After pollen and dust mites, pets are among the most common triggers for allergies. At least, a new vaccine gives hope to cat lovers. If you try out the therapies listed below, you may be able to hold your dear cat again, without having to fear an allergic shock. Having a pet as someone with allergies may feel like you are playing at casino NetBet, you do not know what the outcome will be. Sometimes you strike gold, no side effects, other times you fail miserably and have to be taken to the hospital for an EpiPen injection.
When the baby cat becomes a nuisance
“Unfortunately, an allergy to a pet can develop suddenly,” says Professor Ludger Klimek, President of the Association of German Allergists. A shock for many of those affected. You usually feel it in the airways, your nose itches or is blocked, clear secretion flows. Headache, puffy eyes, and a scratchy throat are other typical symptoms. The skin can react with a rash and hives. There is also an increased risk of developing allergic asthma. “If you have a recurring cough, chest tightness, or shortness of breath, this should definitely be clarified by a doctor,” advises Anja Schwalfenberg from the German Allergy and Asthma Association in Mönchengladbach.
Is it a pet hair allergy?
But what triggers the discomfort? “The term animal hair allergy is a bit misleading,” says Schwalfenberg. Strictly speaking, it is not the fur that triggers the allergy. The proteins to which the human immune system reacts are found in the saliva, urine, and skin flakes of the animals or are produced in their sebum and anal glands. The allergens are very small and can bind to fine dust particles. When the cat brushes itself, it spreads the substances in its fur. But they are also in the air in the room and stick to clothes and furniture. Schwalfenberg: “Allergy sufferers can therefore react even if they are not in close contact with the animal.”
Pets are the third most common cause of allergies
There are no exact figures as to how many people are affected. Expert Klimek assumes that there is six to eight percent of the population. This makes animals the third most common allergy trigger – right after pollen and house dust mites. People are still buying pets, and the number of households with one or more is increasing steadily. According to estimates by the Central Association of Zoological Companies in Germany, there are 34 million pets. They are particularly popular in households with children. 65 percent of families have a pet. The most popular are cats, followed by dogs and small animals such as guinea pigs.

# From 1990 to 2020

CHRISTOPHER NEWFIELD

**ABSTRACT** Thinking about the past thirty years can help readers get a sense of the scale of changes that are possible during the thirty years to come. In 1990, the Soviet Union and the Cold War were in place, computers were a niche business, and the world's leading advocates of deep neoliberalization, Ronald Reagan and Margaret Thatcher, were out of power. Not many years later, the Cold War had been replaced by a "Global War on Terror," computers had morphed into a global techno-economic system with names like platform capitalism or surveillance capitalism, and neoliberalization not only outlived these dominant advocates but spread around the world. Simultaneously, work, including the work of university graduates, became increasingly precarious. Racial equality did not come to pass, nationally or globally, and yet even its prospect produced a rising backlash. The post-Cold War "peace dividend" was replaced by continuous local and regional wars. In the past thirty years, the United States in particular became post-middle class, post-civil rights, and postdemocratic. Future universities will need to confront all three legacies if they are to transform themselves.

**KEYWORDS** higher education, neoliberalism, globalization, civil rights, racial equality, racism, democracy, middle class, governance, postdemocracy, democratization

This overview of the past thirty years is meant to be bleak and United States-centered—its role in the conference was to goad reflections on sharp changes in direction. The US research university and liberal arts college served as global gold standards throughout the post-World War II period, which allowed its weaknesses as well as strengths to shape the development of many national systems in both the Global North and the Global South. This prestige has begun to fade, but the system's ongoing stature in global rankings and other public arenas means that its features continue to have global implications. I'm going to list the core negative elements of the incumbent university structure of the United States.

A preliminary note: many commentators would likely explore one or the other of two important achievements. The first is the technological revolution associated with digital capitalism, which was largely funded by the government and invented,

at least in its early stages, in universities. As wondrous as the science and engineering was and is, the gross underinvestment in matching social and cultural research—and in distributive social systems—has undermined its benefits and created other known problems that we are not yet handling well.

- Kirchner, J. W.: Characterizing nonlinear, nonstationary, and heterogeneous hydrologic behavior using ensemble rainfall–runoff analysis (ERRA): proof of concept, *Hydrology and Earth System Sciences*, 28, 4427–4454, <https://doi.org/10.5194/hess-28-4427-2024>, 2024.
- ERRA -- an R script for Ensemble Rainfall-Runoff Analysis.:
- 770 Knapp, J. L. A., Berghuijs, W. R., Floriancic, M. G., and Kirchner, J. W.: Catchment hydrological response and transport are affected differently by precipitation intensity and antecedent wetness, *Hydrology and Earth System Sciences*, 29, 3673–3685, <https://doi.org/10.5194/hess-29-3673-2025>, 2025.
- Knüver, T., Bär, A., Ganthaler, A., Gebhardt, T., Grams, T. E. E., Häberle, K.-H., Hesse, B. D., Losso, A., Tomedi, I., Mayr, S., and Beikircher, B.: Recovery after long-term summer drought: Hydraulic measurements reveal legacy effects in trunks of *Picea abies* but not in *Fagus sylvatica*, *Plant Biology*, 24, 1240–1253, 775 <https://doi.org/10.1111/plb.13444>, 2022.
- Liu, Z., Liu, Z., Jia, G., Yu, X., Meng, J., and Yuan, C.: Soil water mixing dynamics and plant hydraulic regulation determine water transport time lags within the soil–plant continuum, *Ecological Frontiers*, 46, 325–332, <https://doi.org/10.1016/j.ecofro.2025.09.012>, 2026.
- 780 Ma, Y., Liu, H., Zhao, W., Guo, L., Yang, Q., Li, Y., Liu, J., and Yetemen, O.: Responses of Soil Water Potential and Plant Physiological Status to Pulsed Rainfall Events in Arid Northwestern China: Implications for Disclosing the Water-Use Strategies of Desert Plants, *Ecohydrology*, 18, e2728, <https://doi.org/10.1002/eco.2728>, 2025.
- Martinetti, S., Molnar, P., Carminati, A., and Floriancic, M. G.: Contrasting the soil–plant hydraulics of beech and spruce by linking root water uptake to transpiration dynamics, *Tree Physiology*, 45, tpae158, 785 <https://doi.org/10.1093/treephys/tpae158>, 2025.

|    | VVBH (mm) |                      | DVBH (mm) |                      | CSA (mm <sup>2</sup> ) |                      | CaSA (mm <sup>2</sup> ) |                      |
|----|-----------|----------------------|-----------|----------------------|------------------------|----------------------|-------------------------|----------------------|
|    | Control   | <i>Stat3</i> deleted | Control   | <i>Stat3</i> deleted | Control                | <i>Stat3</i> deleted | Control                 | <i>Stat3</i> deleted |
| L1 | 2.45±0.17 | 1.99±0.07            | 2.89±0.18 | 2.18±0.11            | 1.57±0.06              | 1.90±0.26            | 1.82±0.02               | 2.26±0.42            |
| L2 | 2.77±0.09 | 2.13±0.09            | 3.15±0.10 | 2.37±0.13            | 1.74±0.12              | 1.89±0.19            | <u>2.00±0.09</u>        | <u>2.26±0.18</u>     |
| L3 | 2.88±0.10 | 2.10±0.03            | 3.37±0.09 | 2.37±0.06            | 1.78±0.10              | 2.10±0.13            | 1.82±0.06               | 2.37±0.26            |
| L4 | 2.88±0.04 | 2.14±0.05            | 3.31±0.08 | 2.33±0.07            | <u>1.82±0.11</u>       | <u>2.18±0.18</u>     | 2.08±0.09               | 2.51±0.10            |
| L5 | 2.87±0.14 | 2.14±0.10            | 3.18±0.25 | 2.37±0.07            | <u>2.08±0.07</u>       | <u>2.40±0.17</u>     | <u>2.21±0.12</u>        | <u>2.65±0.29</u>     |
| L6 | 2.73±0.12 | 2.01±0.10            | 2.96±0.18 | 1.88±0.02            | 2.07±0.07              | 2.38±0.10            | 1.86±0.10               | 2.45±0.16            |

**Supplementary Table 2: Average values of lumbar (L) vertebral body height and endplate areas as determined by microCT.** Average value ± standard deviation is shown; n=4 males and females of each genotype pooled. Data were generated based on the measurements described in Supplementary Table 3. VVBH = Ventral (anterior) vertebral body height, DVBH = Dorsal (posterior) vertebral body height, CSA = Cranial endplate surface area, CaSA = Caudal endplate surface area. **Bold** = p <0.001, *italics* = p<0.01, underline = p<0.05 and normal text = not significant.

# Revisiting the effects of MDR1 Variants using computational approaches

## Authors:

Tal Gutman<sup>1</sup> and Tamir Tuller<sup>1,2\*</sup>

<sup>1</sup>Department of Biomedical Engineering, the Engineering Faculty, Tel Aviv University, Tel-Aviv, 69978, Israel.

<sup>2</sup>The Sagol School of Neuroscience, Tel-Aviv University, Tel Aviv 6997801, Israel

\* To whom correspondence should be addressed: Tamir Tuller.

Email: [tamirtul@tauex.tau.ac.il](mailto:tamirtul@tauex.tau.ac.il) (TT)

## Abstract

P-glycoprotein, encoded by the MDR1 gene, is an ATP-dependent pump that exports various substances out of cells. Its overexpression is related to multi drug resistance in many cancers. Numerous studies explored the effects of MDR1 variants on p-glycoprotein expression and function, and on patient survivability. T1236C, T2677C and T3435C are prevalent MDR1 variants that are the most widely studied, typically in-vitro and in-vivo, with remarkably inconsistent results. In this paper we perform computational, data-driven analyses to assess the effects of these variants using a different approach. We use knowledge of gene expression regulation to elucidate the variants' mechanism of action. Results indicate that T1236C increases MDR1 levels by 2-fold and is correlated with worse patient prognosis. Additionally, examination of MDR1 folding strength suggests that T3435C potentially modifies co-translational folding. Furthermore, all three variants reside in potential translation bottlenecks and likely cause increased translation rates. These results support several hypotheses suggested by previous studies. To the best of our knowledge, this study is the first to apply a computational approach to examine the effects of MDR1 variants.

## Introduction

“In general, you can have an allergic reaction to many animal species,” explains Schwalfenberg. But especially those who wear fur cause problems. According to the Allergy Information Service, allergies to cats are about three times more common than those to dogs. But the immune system also strikes cattle or horses from time to time. The most common way to track down a pet hair allergy is to do a skin test. The doctor slightly scratches the skin and confronts the puncture sites with the suspected allergens. If there is a reaction, wheals and redness appear. You can get a clear diagnosis by doing a blood test.
If several animal species cause problems for the patient, further molecular biological diagnostics can determine more precisely which allergens are causing the symptoms. Animal lovers should then perhaps get a dog instead of a cat. Some allergens only occur in males, a bitch would be the alternative. These diagnostics are helpful for tailor-made immunotherapy (desensitization). “In Germany, however, the method is still used cautiously,” says Schwalfenberg.
Separation or immunotherapy
Bitter for pet owners: Anyone who is affected by an animal hair allergy should avoid contact with their four-legged friends. That can mean breaking up with your beloved roommate. Drugs like antihistamines can provide relief in the short term but are not a solution in the longer term.
The only way to tackle the cause of the allergy at the moment is immunotherapy, also known as desensitization or desensitization. The effectiveness of cat allergens has been well proven; it works in up to 85 percent of treated patients. Little research has been done on it for other animal allergies. Treatment is an option if contact with the animal cannot be avoided, for example with veterinarians or the visually impaired who rely on a guide dog. Over a period of three years, the patient is injected with an increasing dose of the relevant allergy trigger – initially weekly, then with an interval of four to six weeks.
Vaccine against allergens for cats
One hope for cat allergy sufferers is currently coming from science: A research group at the University of Zurich is working on a new vaccine called “HypoCat”. It is used to vaccinate cats, not humans. The aim is for the animal to produce antibodies against a protein that is one of the main triggers of cat hair allergy. In one study, 54 cats were given the vaccine three times. In her tear fluid, it could be shown that the protein was significantly reduced as a result. The treatment did not show any major side effects in the cats, the researchers report.
However, a market launch cannot be expected for a few years. And there is one more problem. Klimek: “Affected cats will continue to be allergic to other cats that have not been vaccinated.”